Race Politics

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Civil Rights Leader James Forman Dies

Joe Holley, Washington Post

James Forman, 76, who as executive secretary of the Student Nonviolent Coordinating Committee in the early 1960s dispatched cadres of organizers, demonstrators and Freedom Riders into the most dangerous redoubts of the Deep South, died Jan. 10 of colon cancer at Washington House, a local hospice.

At the height of the civil rights movement, Mr. Forman hammered out a role for SNCC among the so-called Big Five, the established civil rights organizations that included the National Association for the Advancement of Colored People, the NAACP Legal Defense and Education Fund, the Congress of Racial Equality and the Southern Christian Leadership Conference. SNCC in those years was the edgier, more aggressive organization, pushing the South specifically and the nation generally toward change.

APOC writes:
APOC 2005

Following up a successful 2003 Anarchist People of Color conference in Detroit, Michigan, the next Anarchist People of Color conference is being proposed for October in Houston, Texas.

Since the 2003 event, there have been APOC regional gatherings new collectives and many projects, and we're still going strong. Where are we as a unified movement? Come discuss Community Action, Theory, Internal Struggles, External Struggles, with the larger theme of "We are one, we are many, and we are a part of something bigger…"

Seth Sandronsky writes:

"Critical Whiteness Studies"

Seth Sandronsky


Colored White: Transcending the Racial Past

David R. Roediger

University of California Press (2002), 288 pp. $16.00 pb.

David Roediger’s most recent book, Colored White: Transcending the Racial Past, is a gem. This collection of readable essays helps us to better appreciate what W.E.B. Du Bois, the African American scholar, called the “color line” in the U.S. Colored White builds on two earlier collections of Roediger’s essays. The first is The Wages of Whiteness: Race & the Making of the American Working Class (Verso, 1991). That was followed by Towards the Abolition of Whiteness: Essays on Race, Politics, & Working Class History (Verso, 1994). Roediger is arguably America’s top scholar of critical whiteness studies.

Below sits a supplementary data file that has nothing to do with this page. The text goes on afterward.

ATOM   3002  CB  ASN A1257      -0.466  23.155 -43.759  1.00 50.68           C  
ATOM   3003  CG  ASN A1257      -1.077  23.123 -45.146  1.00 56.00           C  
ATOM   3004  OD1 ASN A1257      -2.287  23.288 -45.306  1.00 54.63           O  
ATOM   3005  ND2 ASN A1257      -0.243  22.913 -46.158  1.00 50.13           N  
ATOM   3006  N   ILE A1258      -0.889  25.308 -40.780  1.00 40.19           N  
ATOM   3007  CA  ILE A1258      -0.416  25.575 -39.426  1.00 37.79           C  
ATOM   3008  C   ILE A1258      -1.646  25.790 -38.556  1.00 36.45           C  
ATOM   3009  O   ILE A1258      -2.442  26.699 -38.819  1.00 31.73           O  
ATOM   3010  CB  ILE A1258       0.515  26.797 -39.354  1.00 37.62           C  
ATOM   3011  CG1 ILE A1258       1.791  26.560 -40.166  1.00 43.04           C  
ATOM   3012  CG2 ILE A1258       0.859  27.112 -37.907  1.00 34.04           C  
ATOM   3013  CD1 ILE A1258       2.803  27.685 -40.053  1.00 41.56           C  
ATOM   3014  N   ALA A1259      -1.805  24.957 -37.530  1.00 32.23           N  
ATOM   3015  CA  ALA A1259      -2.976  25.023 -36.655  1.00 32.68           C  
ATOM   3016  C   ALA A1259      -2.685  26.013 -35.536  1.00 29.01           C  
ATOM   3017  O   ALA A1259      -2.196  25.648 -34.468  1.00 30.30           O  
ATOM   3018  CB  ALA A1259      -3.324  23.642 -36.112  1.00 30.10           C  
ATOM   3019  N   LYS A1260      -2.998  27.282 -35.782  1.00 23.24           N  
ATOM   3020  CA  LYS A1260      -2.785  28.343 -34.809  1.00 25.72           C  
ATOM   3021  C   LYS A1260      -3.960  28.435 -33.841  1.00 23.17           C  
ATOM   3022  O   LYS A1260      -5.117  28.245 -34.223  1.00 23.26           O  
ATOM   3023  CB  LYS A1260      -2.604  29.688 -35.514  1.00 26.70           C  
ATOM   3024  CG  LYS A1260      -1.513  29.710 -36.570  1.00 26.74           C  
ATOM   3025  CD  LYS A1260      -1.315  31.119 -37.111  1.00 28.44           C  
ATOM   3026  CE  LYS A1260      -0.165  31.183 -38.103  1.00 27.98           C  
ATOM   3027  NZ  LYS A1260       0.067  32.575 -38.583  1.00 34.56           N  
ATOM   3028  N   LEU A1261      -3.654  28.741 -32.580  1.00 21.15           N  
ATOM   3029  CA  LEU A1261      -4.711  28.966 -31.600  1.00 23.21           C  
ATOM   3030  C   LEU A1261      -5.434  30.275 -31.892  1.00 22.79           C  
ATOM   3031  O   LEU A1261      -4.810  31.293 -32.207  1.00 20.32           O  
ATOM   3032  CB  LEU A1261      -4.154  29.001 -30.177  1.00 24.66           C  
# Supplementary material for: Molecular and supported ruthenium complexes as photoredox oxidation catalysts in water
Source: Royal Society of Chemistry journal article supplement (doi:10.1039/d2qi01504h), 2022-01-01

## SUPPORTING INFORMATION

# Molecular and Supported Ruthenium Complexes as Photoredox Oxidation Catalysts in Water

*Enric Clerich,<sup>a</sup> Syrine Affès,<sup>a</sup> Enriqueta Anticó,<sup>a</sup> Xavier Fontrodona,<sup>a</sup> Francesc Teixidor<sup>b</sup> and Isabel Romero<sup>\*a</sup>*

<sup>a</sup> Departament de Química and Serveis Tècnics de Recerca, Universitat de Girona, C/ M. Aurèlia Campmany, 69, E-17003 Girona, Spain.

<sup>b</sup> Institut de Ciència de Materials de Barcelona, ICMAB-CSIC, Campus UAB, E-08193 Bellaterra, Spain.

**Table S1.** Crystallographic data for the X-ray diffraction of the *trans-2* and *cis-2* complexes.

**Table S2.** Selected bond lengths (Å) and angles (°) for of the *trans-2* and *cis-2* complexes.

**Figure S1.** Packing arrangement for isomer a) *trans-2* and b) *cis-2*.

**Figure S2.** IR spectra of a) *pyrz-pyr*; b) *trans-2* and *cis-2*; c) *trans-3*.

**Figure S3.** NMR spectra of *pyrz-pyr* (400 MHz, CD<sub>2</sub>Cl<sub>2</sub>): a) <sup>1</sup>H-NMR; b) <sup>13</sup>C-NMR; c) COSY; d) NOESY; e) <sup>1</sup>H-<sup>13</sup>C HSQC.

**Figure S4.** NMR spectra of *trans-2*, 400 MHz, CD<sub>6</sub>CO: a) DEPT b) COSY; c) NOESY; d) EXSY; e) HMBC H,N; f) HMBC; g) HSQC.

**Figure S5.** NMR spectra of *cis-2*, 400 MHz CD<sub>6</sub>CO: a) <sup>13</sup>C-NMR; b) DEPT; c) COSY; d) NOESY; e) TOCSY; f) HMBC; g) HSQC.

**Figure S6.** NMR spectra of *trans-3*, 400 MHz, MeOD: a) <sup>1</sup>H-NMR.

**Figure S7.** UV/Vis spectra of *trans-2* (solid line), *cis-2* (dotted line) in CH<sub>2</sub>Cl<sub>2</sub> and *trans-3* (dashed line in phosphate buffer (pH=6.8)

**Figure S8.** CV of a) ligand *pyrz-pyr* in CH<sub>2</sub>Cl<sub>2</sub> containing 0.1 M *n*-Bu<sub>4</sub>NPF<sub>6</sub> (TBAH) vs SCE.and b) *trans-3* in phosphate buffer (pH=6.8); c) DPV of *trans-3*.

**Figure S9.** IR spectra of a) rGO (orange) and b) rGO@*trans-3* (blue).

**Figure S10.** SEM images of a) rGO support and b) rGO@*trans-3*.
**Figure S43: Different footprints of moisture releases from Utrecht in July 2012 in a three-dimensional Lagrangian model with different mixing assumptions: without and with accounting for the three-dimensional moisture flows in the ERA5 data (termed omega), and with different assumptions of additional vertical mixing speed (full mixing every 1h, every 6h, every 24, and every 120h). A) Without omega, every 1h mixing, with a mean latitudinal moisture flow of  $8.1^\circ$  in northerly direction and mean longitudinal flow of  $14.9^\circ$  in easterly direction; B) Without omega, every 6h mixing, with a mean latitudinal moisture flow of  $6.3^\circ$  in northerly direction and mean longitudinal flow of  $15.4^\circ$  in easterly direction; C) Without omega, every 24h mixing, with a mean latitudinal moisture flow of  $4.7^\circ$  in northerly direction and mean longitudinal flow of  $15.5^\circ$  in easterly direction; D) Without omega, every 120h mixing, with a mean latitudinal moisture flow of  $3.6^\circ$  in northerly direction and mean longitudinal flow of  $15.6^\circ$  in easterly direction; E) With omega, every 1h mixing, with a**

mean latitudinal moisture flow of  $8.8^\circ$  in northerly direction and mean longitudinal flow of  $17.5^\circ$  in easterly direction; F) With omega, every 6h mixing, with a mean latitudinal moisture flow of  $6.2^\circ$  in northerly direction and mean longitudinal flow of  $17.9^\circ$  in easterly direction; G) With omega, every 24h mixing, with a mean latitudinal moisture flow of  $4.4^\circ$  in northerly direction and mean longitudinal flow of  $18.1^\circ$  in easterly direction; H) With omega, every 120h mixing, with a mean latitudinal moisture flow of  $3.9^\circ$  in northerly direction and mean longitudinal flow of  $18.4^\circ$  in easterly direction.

'Fred Hampton Day' Declared by Chicago City Council

Monica Moorehead

Thirty-five years ago, on Dec. 4, 1969, Fred Hampton, deputy chair
of the Illinois Chapter of the Black Panther Party, was brutally
assassinated by members of the Chicago Police Department as he
lay sleeping. Hampton was only 21 years old.

Mark Clark, a member of the Black Panther Party's Peoria, Ill., chapter,

was also killed. Other Panther members were injured during these
shootings, including Hampton's companion, Akua Njeri, who was nine
months pregnant.

These cowardly killings were coordinated in conjunction with the FBI's
repressive Counter Intelligence Program (Cointelpro), which targeted
leaders of national liberation movements like the Panthers inside the
United States. Not one Chicago police officer was ever prosecuted
for this terrible crime.

Today Hampton's son, Fred Hampton Jr., champions the release of
U.S. political prisoners such as Mumia Abu-Jamal. Hampton is himself
a former political prisoner.

The Chicago City Council unanimously approved a resolution introduced
by former Alderwoman Marlene C. Carter commemorating Dec. 4, 2004, as
"Fred Hampton Day in Chicago."

The resolution reads in part: "Fred Hampton, who was only 21 years
old, made his mark in Chicago history not so much by his death as by
the heroic efforts of his life and by his goals of empowering the most
oppressed sector of Chicago's Black community, bringing people into
political life through participation in their own freedom fighting

Hampton was one of the most dynamic, inspiring freedom fighters
of any generation. One of his most notable quotes was, "You can
kill a revolutionary but you can never kill the revolution."

duckdaotsu writes

No Thanksgiving at My House
Wesley BadHeartBull

Hot Springs, South Dakota is a small town located in the southernmost tip of the Black Hills. Wesley BadHeartBull started the sixth grade at Hot Springs Junior High School; he died just outside of town at the hands of a couple of cowboys — stabbed to death because he had the audacity to ask for drink at the bar. He was 22 years old.